CRS Recovery Inc et al v. Laxton et al

Filing 170

ORDER by Judge Claudia Wilken granting 118 Plaintiffs' Motion for Summary Judgment; denying 131 Defendants' Cross Motion for Summary Judgment; denying as moot 161 Ex Parte Application to Shorten Time for Extension of Time to Complete Discovery (scc, COURT STAFF) (Filed on 9/26/2008)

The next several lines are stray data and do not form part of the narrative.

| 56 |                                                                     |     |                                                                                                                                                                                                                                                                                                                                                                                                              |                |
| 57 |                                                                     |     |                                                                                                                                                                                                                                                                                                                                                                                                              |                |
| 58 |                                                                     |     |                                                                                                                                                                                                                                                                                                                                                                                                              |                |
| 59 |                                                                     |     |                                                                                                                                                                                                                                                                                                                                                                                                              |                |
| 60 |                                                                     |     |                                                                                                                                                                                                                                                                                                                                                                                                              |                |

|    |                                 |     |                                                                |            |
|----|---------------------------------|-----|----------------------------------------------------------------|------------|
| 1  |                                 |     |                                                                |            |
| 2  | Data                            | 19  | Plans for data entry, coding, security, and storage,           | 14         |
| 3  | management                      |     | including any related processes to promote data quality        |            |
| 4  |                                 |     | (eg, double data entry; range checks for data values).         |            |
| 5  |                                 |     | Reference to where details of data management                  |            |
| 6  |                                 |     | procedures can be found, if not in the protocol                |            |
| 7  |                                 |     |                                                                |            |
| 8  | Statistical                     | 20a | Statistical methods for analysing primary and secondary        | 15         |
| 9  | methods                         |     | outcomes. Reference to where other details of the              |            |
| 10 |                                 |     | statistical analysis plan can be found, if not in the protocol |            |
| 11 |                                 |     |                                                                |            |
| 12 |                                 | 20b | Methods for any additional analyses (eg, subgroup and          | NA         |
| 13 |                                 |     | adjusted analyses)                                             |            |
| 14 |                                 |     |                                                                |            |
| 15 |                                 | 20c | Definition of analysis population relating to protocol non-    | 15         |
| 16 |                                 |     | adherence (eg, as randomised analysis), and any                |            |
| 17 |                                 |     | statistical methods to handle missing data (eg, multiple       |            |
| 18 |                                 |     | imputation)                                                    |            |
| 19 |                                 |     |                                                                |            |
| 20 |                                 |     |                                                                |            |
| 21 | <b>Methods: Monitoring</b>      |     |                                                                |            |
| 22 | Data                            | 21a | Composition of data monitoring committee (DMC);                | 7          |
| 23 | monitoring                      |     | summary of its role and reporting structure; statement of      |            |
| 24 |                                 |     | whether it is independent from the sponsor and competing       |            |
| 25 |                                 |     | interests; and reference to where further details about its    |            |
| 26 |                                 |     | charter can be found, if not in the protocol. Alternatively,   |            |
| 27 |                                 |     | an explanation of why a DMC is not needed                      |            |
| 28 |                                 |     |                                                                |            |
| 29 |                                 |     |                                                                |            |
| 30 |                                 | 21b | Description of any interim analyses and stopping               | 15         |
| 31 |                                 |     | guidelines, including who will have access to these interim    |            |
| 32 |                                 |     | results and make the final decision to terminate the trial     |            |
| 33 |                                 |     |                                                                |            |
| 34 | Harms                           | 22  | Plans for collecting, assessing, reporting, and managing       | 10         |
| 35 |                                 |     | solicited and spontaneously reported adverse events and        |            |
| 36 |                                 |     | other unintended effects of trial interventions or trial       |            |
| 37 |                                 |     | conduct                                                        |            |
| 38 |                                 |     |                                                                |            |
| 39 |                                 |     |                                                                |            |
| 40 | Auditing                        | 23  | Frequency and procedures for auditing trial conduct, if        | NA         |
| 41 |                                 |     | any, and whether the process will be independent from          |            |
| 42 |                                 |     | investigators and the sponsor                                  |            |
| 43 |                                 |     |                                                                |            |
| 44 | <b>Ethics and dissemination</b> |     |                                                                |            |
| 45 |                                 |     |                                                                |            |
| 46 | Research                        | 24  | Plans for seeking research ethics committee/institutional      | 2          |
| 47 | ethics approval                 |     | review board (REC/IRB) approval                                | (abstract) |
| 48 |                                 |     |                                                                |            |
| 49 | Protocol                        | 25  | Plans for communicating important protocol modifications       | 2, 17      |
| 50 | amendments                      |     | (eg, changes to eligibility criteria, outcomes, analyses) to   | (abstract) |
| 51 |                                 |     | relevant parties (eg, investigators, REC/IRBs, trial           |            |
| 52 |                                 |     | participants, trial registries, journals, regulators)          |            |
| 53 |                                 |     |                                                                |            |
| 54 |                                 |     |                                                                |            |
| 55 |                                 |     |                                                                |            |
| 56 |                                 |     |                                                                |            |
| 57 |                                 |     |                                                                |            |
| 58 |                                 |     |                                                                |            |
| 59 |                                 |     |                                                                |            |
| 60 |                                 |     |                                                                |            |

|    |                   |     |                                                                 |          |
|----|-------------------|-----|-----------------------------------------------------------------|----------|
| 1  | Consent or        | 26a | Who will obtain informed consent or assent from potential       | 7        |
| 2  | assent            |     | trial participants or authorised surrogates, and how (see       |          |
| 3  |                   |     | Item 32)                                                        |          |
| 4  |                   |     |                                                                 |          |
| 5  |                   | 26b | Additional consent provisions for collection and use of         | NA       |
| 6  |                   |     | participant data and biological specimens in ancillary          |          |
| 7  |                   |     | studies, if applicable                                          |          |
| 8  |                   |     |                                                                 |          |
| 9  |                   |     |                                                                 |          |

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1 2 3 4 5 6 7 8 9 10 United States District Court For the Northern District of California 11 12 13 14 15 16 17 18 19 20 21 22 23 24 25 26 27 28 In addition to Laxton and NRE, the second amended complaint names a number of additional Defendants. At the hearing on the present motion, Plaintiffs stated that they would voluntarily dismiss the claims they have asserted against Defendants other than 1 IN THE UNITED STATES DISTRICT COURT FOR THE NORTHERN DISTRICT OF CALIFORNIA CRS RECOVERY, INC., a Virginia Corporation, and DALE MAYBERRY, Plaintiffs, v. JOHN LAXTON, aka johnlaxton@gmail.com, et al., Defendants. / No. C 06-7093 CW ORDER GRANTING PLAINTIFFS' MOTION FOR SUMMARY ADJUDICATION AND DENYING DEFENDANTS' CROSS-MOTION FOR SUMMARY ADJUDICATION Plaintiffs CRS Recovery, Inc. and Dale Mayberry move for summary adjudication on their claims for conversion and declaratory relief. Defendants John Laxton and Northbay Real Estate, Inc. (NRE) oppose Plaintiffs' motion and cross-move for summary judgment or, in the alternative, summary adjudication.1 The matter was 1 2 3 4 5 6 7 8 9 10 United States District Court For the Northern District of California 11 12 13 14 15 16 17 18 19 20 21 22 23 24 25 26 27 28 heard on September 18, 2008. Having considered oral argument and all of the papers submitted by the parties, the Court grants Plaintiffs' motion and denies Defendants' motion. BACKGROUND This case arises from the theft of two internet domain names from Mayberry: rl.com and mat.net. Since this action was Defendants initiated, Mayberry has recovered control of mat.net. currently maintain control of rl.com. Mayberry is a citizen of Virginia. On July 23, 1995, he registered the domain name rl.com through Network Solutions, Inc. (NSI). RL was intended to be an acronym for "real life," a term Mayberry also registered the MAT stands for Micro used in the online gaming world. domain name mat.net at an unspecified time. Access Technologies, Inc., an internet service provider company that was owned and operated by Mayberry. The company went out of business in 2001, but Mayberry continued to maintain the mat.net domain name through NSI. As the registered administrator of both domain names, Mayberry provided NSI with the email address dale@mat.net as part of his contact information. To maintain a domain name registration with NSI, the registrant must pay yearly registration fees. These fees can be Mayberry paid several years in advance or on a yearly basis. states in his declaration that he renewed the registration of rl.com on July 23, 2002 for three years, leading to an expiration date of July 24, 2005. This account is confirmed by NSI's business Laxton and NRE. Those claims are therefore dismissed. The term, "Defendants," as used in this order, refers to Laxton and NRE only. 2 1 2 3 4 5 6 7 8 9 10 United States District Court For the Northern District of California 11 12 13 14 15 16 17 18 19 20 21 22 23 24 25 26 27 28 records.2 According to NSI's records, on December 19, 2003, control over the mat.net domain was transferred to Beijing Sinonets Network & Telecom. Hosting for mat.net was transferred from NSI's servers to After this transfer, Mayberry was unable to At some servers at bim.com. send or receive emails using the dale@mat.net address. point thereafter, Li Qiang was listed as the administrative contact for the mat.net domain, with an email address of lee@bim.com.3 the administrator of mat.net, Qiang was able to use the dale@mat.net email address. The circumstances surrounding the transfer of mat.net are not entirely clear. Defendants' expert submits, with some support in As the record, that Mayberry failed to renew mat.net's registration when it expired on October 2, 2003. At his deposition, Mayberry testified that he did not attempt to renew this registration until sometime in December, 2003, at which point his registration would have already expired. 2 If Mayberry's registration of mat.net had Defendants object to the use of the records because Plaintiffs allegedly failed to serve them with notice of the deposition of Natalie Sterling, the NSI records custodian to whose declaration the records are attached. However, while failure to serve notice of a third-party deposition is improper under the Federal Rules of Civil Procedure, it does not appear that Plaintiffs actually deposed Ms. Sterling. Instead, Ms. Sterling submitted the declaration in lieu of giving deposition testimony. Defendants also object to Ms. Sterling's interpretation of the records because she has not laid a proper foundation for her testimony. However, the Court has not relied on Ms. Sterling's interpretation of the documents, but rather on the documents themselves. Plaintiffs assert that the administrative contact information was changed on December 19, 2003, but the record they cite in support of this assertion appears to identify the administrative contact as of March 28, 2004. See Sterling Dec. Ex. B at 14. 3 3 1 2 3 4 5 6 7 8 9 10 United States District Court For the Northern District of California 11 12 13 14 15 16 17 18 19 20 21 22 23 24 25 26 27 28 expired, the domain would have been available for someone else to register. NSI's documents show that on December 19, 2003, before the transfer was initiated, Mayberry's contact information was associated with mat.net's registration. But the same document also shows that NSI's record of mat.net's registration was created on December 18, 2003 and was set to expire on October 2, 2004 -- less than the one-year interval for which registration is purchased. Plaintiffs do not fully explain these discrepancies. However, these details are not dispositive of the present motion because Plaintiffs' claims concern the theft of rl.com, not mat.net.4 On December 23, 2003, Qiang changed the email address associated with his NSI user account from lee@bim.com to dale@mat.net. He then submitted a transfer request to NSI asking NSI sent an email to that the domain rl.com be transferred to him. dale@mat.net, which was still listed as the administrative contact for rl.com, requesting authorization for the transfer. The email contained a link to a secure web page from which the transfer could be approved. Mayberry did not receive this email because he no The recipient of longer had access to email sent to dale@mat.net. the email -- presumably Qiang -- approved the transfer, and control of rl.com passed out of Mayberry's hands. It is not clear exactly when Mayberry learned that mat.net and rl.com had been "hijacked." In his declaration, he states that he learned of rl.com's status on or about January 19, 2004, when a Although Defendants assert that "Mayberry gave up rl.com when he let mat.net expire," they do not support this conclusory statement with any legal authority, as discussed below. 4 4 1 2 3 4 5 6 7 8 9 10 United States District Court For the Northern District of California 11 12 13 14 15 16 17 18 19 20 21 22 23 24 25 26 27 28 third party informed him that the domain was no longer registered under his name. However, it appears that he learned of problems Mayberry made several phone calls with mat.net at an earlier date. to attempt to recover control of the domains, but met with no success. There are some discrepancies in the record concerning the details of Mayberry's efforts to recover the domains, but these details are not material, as discussed below. Rl.com was eventually transferred to an individual in India named Barnali Kalita. In 2005, Laxton learned that Kalita owned the domain and contacted him to inquire whether it was for sale. Laxton is a citizen of California and was interested in purchasing the domain to serve as a website for his business, NRE, headquartered in California. $15,000. Kalita sold rl.com to Laxton for A visit to the The sale was completed on May 20, 2005. website rl.com retrieves a page entitled, "Real Estate Loans." In October, 2004, Richard Lau, a principal of CRS Recovery, a Virginia corporation, learned of the hijacking of rl.com and contacted Mayberry. Mayberry agreed to transfer all of his rights to the domain to CRS Recovery in exchange for a monetary payment and the promise that CRS Recovery would attempt to return mat.net to him. Plaintiffs assert claims against Defendants for conversion, intentional interference with contract, violation of the California Unfair Competition Law, and declaratory relief. LEGAL STANDARD Summary judgment is properly granted when no genuine and disputed issues of material fact remain, and when, viewing the 5 1 2 3 4 5 6 7 8 9 10 United States District Court For the Northern District of California 11 12 13 14 15 16 17 18 19 20 21 22 23 24 25 26 27 28 evidence most favorably to the non-moving party, the movant is clearly entitled to prevail as a matter of law. Fed. R. Civ. P. 56; Celotex Corp. v. Catrett, 477 U.S. 317, 322-23 (1986); Eisenberg v. Ins. Co. of N. Am., 815 F.2d 1285, 1288-89 (9th Cir. 1987). The moving party bears the burden of showing that there is no material factual dispute. Therefore, the court must regard as true the opposing party's evidence, if it is supported by affidavits or other evidentiary material. 815 F.2d at 1289. Celotex, 477 U.S. at 324; Eisenberg, The court must draw all reasonable inferences in favor of the party against whom summary judgment is sought. Matsushita Elec. Indus. Co. v. Zenith Radio Corp., 475 U.S. 574, 587 (1986); Intel Corp. v. Hartford Accident & Indem. Co., 952 F.2d 1551, 1558 (9th Cir. 1991). Material facts which would preclude entry of summary judgment are those which, under applicable substantive law, may affect the outcome of the case. are material. (1986). Where the moving party does not bear the burden of proof on an issue at trial, the moving party may discharge its burden of production by either of two methods: The moving party may produce evidence negating an essential element of the nonmoving party's case, or, after suitable discovery, the moving party may show that the nonmoving party does not have enough evidence of an essential element of its claim or defense to carry its ultimate burden of persuasion at trial. Nissan Fire & Marine Ins. Co., Ltd., v. Fritz Cos., Inc., 210 F.3d 6 The substantive law will identify which facts Anderson v. Liberty Lobby, Inc., 477 U.S. 242, 248 1 2 3 4 5 6 7 8 9 10 United States District Court For the Northern District of California 11 12 13 14 15 16 17 18 19 20 21 22 23 24 25 26 27 28 1099, 1106 (9th Cir. 2000). If the moving party discharges its burden by showing an absence of evidence to support an essential element of a claim or defense, it is not required to produce evidence showing the absence of a material fact on such issues, or to support its motion with evidence negating the non-moving party's claim. Id.; see also Lujan v. Nat'l Wildlife Fed'n, 497 U.S. 871, 885 (1990); Bhan v. NME Hosps., Inc., 929 F.2d 1404, 1409 (9th Cir. 1991). If the moving party shows an absence of evidence to support the non-moving party's case, the burden then shifts to the non-moving party to produce "specific evidence, through affidavits or admissible discovery material, to show that the dispute exists." F.2d at 1409. If the moving party discharges its burden by negating an essential element of the non-moving party's claim or defense, it must produce affirmative evidence of such negation. F.3d at 1105. Nissan, 210 Bhan, 929 If the moving party produces such evidence, the burden then shifts to the non-moving party to produce specific evidence to show that a dispute of material fact exists. Id. If the moving party does not meet its initial burden of production by either method, the non-moving party is under no obligation to offer any evidence in support of its opposition. Id. This is true even though the non-moving party bears the ultimate burden of persuasion at trial. Id. at 1107. Where the moving party bears the burden of proof on an issue at trial, it must, in order to discharge its burden of showing that no genuine issue of material fact remains, make a prima facie 7 1 2 3 4 5 6 7 8 9 10 United States District Court For the Northern District of California 11 12 13 14 15 16 17 18 19 20 21 22 23 24 25 26 27 28 showing in support of its position on that issue. UA Local 343 v. That Nor-Cal Plumbing, Inc., 48 F.3d 1465, 1471 (9th Cir. 1994). is, the moving party must present evidence that, if uncontroverted at trial, would entitle it to prevail on that issue. Id. Once it has done so, the non-moving party must set forth specific facts controverting the moving party's prima facie case. 48 F.3d at 1471. UA Local 343, The non-moving party's "burden of contradicting Id. This [the moving party's] evidence is not negligible." standard does not change merely because resolution of the relevant issue is "highly fact specific." Id. DISCUSSION I. Choice of Law The parties dispute whether California or Virginia law should apply to Plaintiffs' conversion claim. This issue is potentially dispositive because California law recognizes a property interest in domain names, Kremen v. Cohen, 337 F.3d 1024 (9th Cir. 2003), whereas Virginia law does not, Network Solutions Inc. v. Umbro, 259 Va. 759 (2000). "When a federal court sitting in diversity hears state law claims, the conflicts laws of the forum state are used to determine which state's substantive law applies." Orange Street Partners v. The Court thus looks to Arnold, 179 F.3d 656, 661 (9th Cir. 1999). California choice-of-law doctrine to determine whether to apply Virginia or California law to the conversion claim. California has adopted the "governmental interest" approach to choice of law issues. explained, 8 As the California Supreme Court has 1 2 3 4 5 6 7 8 9 10 United States District Court For the Northern District of California 11 12 13 14 15 16 17 18 19 20 21 22 23 24 25 26 27 28 the governmental interest approach generally involves three steps. First, the court determines whether the relevant law of each of the potentially affected jurisdictions with regard to the particular issue in question is the same or different. Second, if there is a difference, the court examines each jurisdiction's interest in the application of its own law under the circumstances of the particular case to determine whether a true conflict exists. Third, if the court finds that there is a true conflict, it carefully evaluates and compares the nature and strength of the interest of each jurisdiction in the application of its own law to determine which state's interest would be more impaired if its policy were subordinated to the policy of the other state, and then ultimately applies the law of the state whose interest would be the more impaired if its law were not applied. Kearney v. Salomon Smith Barney, Inc., 39 Cal. 4th 95, 107-08 (2006) (citation and internal quotation marks omitted). "A party advocating application of foreign law must demonstrate that the foreign rule of decision will further the interest of that foreign state and therefore that it is an appropriate one for the forum to apply to the case before it." Tucci v. Club Mediterranee, S.A., 89 If California law can be applied Cal. App. 4th 180, 188-89 (2001). without violating the policy of the foreign state, there is a false conflict, and California law should be applied. See id. The parties do not dispute that, as noted above, the rule in California differs from that in Virginia in a material respect. Accordingly, the Court proceeds to determine whether Virginia has an interest in applying its law to this case. Defendants argue generally that Virginia has an interest in not having the "underlying policies" of its property law "negated" by the Court's recognition of a property right, rather than just a contract right, to a domain name. But they have not identified any specific policy advanced by the rule, and their argument thus 9 1 2 3 4 5 6 7 8 9 10 United States District Court For the Northern District of California 11 12 13 14 15 16 17 18 19 20 21 22 23 24 25 26 27 28 amounts to saying that Virginia's interest in having its rule applied is in not having another State's rule applied. This is no more of an interest than any State will always have in any comparative interest analysis -- California likewise has an generalized interest in not having the "underlying policies" of its property law, which recognizes a property right to domain names, negated. The question is whether the policies underlying Virginia's rule would actually be furthered by applying the rule in the specific context of this case. Accordingly, the Court must focus on the specific interests that are advanced by the rule. Virginia's rule protects the purchaser of a domain name from liability for conversion. Because Virginia has established that no property rights can be exercised over a domain name, individuals who purchase a domain within the State can justifiably expect that they will not be held liable for conversion in connection with that purchase. Virginia's interest is thus appropriately characterized as in providing these purchasers with a predictable limitation of their potential liability. See Tucci, 89 Cal. App. 4th at 190. Defendants have cited no authority to support the view that the State's decision not to impose liability for conversion should instead be seen as expressing a particular interest in preventing its citizens, like Mayberry, from recovering a domain name that has been stolen from them. If Defendants resided in Virginia or if Laxton had purchased rl.com in Virginia, Virginia could be said to have an interest in applying its rule in this case. However, Laxton is a citizen of California and the conduct that gave rise to Defendants' liability 10 1 2 3 4 5 6 7 8 9 10 United States District Court For the Northern District of California 11 12 13 14 15 16 17 18 19 20 21 22 23 24 25 26 27 28 for conversion is Laxton's purchase of rl.com from Kalita. See Soc'y of Cal. Pioneers v. Baker, 43 Cal. App. 4th 774, 781-83 (1996) (noting the long-standing rule that a cause of action for conversion against a subsequent purchaser of the property accrues when the purchaser obtains possession, not at the time of the original conversion). Virginia. No aspect of that transaction took place in It is not clear that Laxton would even be subject to the personal jurisdiction of the Virginia courts if this action had been brought there. Virginia has no interest in protecting the conduct of a California resident when that conduct has no connection to Virginia. As California residents, Defendants had no justifiable expectation that their conduct would be shielded from liability for conversion. Applying Virginia law in this instance would thus do nothing to further that State's interest in providing its residents with a predictable definition of liability.5 In contrast, California has an interest in regulating conduct that occurs within its borders and in ensuring that redress is available when such conduct is tortious. See Zimmerman v. Allstate Ins. Co., California therefore has an 179 Cal. App. 3d 840, 846 (1986). interest in seeing its rule applied to this case. Defendants rely heavily on choice-of-law doctrine as it applies to contract disputes. They note that the registration agreement between Mayberry and NSI provided that all disputes Nor does the fact that Mayberry was originally injured in Virginia indicate that Virginia law should apply; in adopting the governmental interest approach to choice of law questions, California displaced the previous approach of applying the law of the state where the injury occurred. Hurtado v. Superior Court, 11 Cal. 3d 574, 579-80 (1974). 11 5 1 2 3 4 5 6 7 8 9 10 United States District Court For the Northern District of California 11 12 13 14 15 16 17 18 19 20 21 22 23 24 25 26 27 28 concerning their contractual obligations would be governed by Virginia law. contract. But this is not an action for breach of the NSI Likewise, the existence of an agreement between Mayberry and Laxton is wholly irrelevant to Plaintiffs' conversion claim. Plaintiffs are asserting a property right against Defendants. the same reason, the terms of the contract between Laxton and Kalita (which has no connection to Virginia other than that the domain registration information is allegedly located in a database on computers in that State) has no bearing on the law that should be applied to the conversion claim. Defendants further assert that Virginia has an interest in applying its law because, if California law were applied in this case, it would "impact domain name registration services for some of the largest domain name registrars and registries in the world, including NSI, VeriSign and others, which have their computer databases located in Virginia." Defs.' Br. At 8. Defendants fail For to explain, however, how applying California law to Plaintiffs' conversion claim would have any effect whatsoever on the operations of the providers of domain registration services. The liability of those providers is simply not at issue here, and thus applying California law to the conversion claim would not "encourage plaintiffs to forum shop in order to try to circumvent the settled law of Virginia" and hold providers liable. Id. at 9. Nor does the fact that the domain registration information is allegedly located in a database on computers in Virginia6 give Virginia an 6 The parties dispute the location of the registry information. 12 1 2 3 4 5 6 7 8 9 10 United States District Court For the Northern District of California 11 12 13 14 15 16 17 18 19 20 21 22 23 24 25 26 27 28 interest in protecting Defendants' conduct. Because Virginia does not have an interest in the application of its rule to this case whereas California does, the posited conflict is a false one. law. II. Liability for Conversion Under California Law Under California law, conversion is defined as "the wrongful exercise of dominion over the personal property of another." Fremont Indem. Co. v. Fremont General Corp., 148 Cal. App. 4th 97, 119 (2007). "The basic elements of the tort are (1) the The Court will therefore apply California plaintiff's ownership or right to possession of personal property; (2) the defendant's disposition of the property in a manner that is inconsistent with the plaintiff's property rights; and (3) resulting damages." actions. Id. Damages are presumed in conversion See Cal. Civ. Code 3336-3337. Defendants argue that, even if California law applies to Plaintiffs' claim against them, in order to prove that they are liable for conversion, Plaintiffs must establish that the original theft of rl.com by Qiang constituted conversion under Virginia law. This argument is not persuasive. It does not appear that Virginia law would apply to a conversion claim in this Court by Plaintiffs against Qiang, in that Qiang is not a Virginia citizen and does not appear to have stolen rl.com in Virginia. But even if it did, the conversion claim before the Court is not against Qiang, it is against Defendants. Pursuant to California law, which the Court has already determined applies to Plaintiffs' claim against Defendants, Mayberry had a property right to rl.com at the time it 13 1 2 3 4 5 6 7 8 9 10 United States District Court For the Northern District of California 11 12 13 14 15 16 17 18 19 20 21 22 23 24 25 26 27 28 was taken from him. He was not lawfully dispossessed of that right by Qiang's seizure of the domain without Mayberry's authorization, and thus it was not possible for Defendants to acquire a right to the domain superior to Mayberry's by virtue of Laxton's purchase from Kalita. conversion. It is of no consequence that Defendants purchased rl.com in good faith and without knowledge of Qiang's previous theft of the domain name. In Express Media Group, LLC v. Express Corp., 2007 WL Defendants are therefore prima facie liable for 1394163 (N.D. Cal.), the court addressed the applicability of the good-faith-purchaser defense in an action for conversion of a stolen domain name. The court noted that California law "distinguishes between the person who purchased from someone who obtained title to the property by fraud and the person who purchased from a thief who had no title to sell. . . . An involuntary transfer results in void title, while a voluntary transfer, even if fraudulent, results in voidable title." Id. at *5 (citing Cal. Com. Code 2403(1); Suburban Motors, Inc. v. State Farm Mut. Auto. Ins. Co., 218 Cal. App. 3d 1354, 1360-61 (1990)). "[A]n innocent purchaser for value and without actual or constructive notice that his or her vendor has secured the goods by a fraudulent purchase is not liable for conversion." Id. But the rule is different when it comes to involuntary transfers: because "[s]tolen property remains stolen property," a thief "cannot convey valid title to an innocent purchaser of stolen property." v. Am. Numismatic Soc'y, 42 Cal. App. 4th 421, 432 (1996). Accordingly, mere possession of a domain name that was 14 Naftzger 1 2 3 4 5 6 7 8 9 10 United States District Court For the Northern District of California 11 12 13 14 15 16 17 18 19 20 21 22 23 24 25 26 27 28 involuntarily transferred from the rightful owner is sufficient to convey liability for conversion. 1394163, at *5-*6. See Express Media, 2007 WL Defendants have not pointed to any evidence that Mayberry voluntarily transferred the title of rl.com to Qiang as a result of fraud.7 suggests otherwise. Defendants argue that Mayberry abandoned his right to possess rl.com, and therefore Plaintiffs cannot prevail on their conversion claim. In order to succeed on an abandonment defense to conversion To the contrary, all of the evidence under California law, however, a defendant must show a "clear, unequivocal, and decisive act" demonstrating a waiver of the plaintiff's property rights. See Hopson v. Nat'l Union of Marine Cooks and Stewards, 116 Cal. App. 2d 320, 325 (1953) (addressing waiver or abandonment of a legal right generally); see also Ananda Church of Self-Realization v. Mass. Bay Ins. Co., 95 Cal. App. 4th 1273, 1281-82 (2002) (upholding an abandonment defense to a conversion claim where the property at issue had been discarded in an outdoor garbage receptacle). Defendants point to no such affirmative relinquishment of Mayberry's right to exercise control over rl.com. It is undisputed that Mayberry had paid to register After he learned that the domain with NSI through July 24, 2005. the domain had been stolen, he attempted to rectify the situation, but met with no success. The fact that, at one point, he had resigned himself to losing the domain (as he stated at his Qiang may have committed fraud on NSI, but insofar as the transfer was "voluntary," the volition is attributable to NSI, not to Mayberry, the actual possessor of the property rights at issue. 15 7 1 2 3 4 5 6 7 8 9 10 United States District Court For the Northern District of California 11 12 13 14 15 16 17 18 19 20 21 22 23 24 25 26 27 28 deposition) does not demonstrate a voluntary abandonment of his rights. It simply indicates that he had concluded that further attempts to recover the domain would continue to meet with failure so long as Qiang, who was effectively immune from any legal recourse in the United States, controlled it. Nor do Defendants cite any authority for their assertion that Mayberry's failure to maintain a live website at rl.com signifies an abandonment of his right to the domain. The "use-it-or-lose-it" rule proposed by Defendants may express their preferred policy with respect to domain ownership, but as a legal theory it is not supported by case law. The Court can also divine no intent to abandon rl.com from Mayberry's failure to update his contact information with NSI once he lost access to the email address, dale@mat.net. It is not clear when Mayberry first learned that he no longer could access his email, and only four days passed between mat.net's transfer to Qiang and the theft of rl.com. In any event, Mayberry's failure to change the contact information for rl.com immediately following the loss of mat.net cannot be interpreted as an affirmative abandonment of his rights to the domain. Defendants also assert that the equitable doctrine of laches should bar Plaintiffs' conversion claim because Plaintiffs delayed unreasonably in bringing this lawsuit. However, as Plaintiffs The point out, conversion is a legal claim, not an equitable one. statute of limitations thus governs the timeliness of Plaintiffs' claim, not the equitable doctrine of laches. Defendants do not refute this argument in their reply, nor do they argue that Plaintiffs failed to file this action within the applicable 16 1 2 3 4 5 6 7 8 9 10 United States District Court For the Northern District of California 11 12 13 14 15 16 17 18 19 20 21 22 23 24 25 26 27 28 limitations period. argument. It appears that they have withdrawn this In any event, Plaintiffs did not delay unreasonably in bringing this lawsuit, and thus the doctrine of laches, even if it applied, would not prevent them from asserting their claim. Finally, Defendants argue that CRS Recovery's entitlement to relief is based on an invalid transfer and assignment. This argument is based on a provision in Mayberry's service agreement with NSI for the registration of rl.com. The agreement provides that Mayberry's rights under the contract are not assignable or transferrable. But Plaintiffs do not assert claims against Defendants for breach of the service agreement; they assert a conversion claim. The non-assignment clause of the NSI contract is therefore irrelevant. For these reasons, the Court finds that Defendants are liable to Plaintiffs for conversion of the rl.com domain. As a remedy, See Plaintiffs are entitled to specific recovery of the domain. Cal. Civ. Code 3379-3380; Express Media, 2007 WL 1394163, at *4. III. Claim for Declaratory Relief Plaintiffs also seek a declaration of their rightful title to rl.com. Although such a declaration is arguably no different than judgment in their favor on the conversion claim, the Court will grant this claim for the reasons stated above. CONCLUSION For the foregoing reasons, Plaintiffs' motion for summary adjudication is GRANTED (Docket No. 118). The Court grants summary judgment against Defendants John Laxton and Northbay Real Estate on Plaintiffs' claims for conversion and declaratory relief. 17 1 2 3 4 5 6 7 8 9 10 United States District Court For the Northern District of California 11 12 13 14 15 16 17 18 19 20 21 22 23 24 25 26 27 28 Defendants' cross-motion for summary adjudication is DENIED (Docket No. 131). At the hearing, Plaintiffs agreed to dismiss the second and third causes of action against Defendants if Plaintiffs prevailed on the present motion. Those claims are therefore dismissed. Plaintiffs' motion for an extension of the discovery period (Docket No. 161) is DENIED as moot. Plaintiffs shall, within ten days, file a proposed judgment conforming to the terms of this order. IT IS SO ORDERED. Dated:9/26/08__________________ ____ CLAUDIA WILKEN United States District Judge 18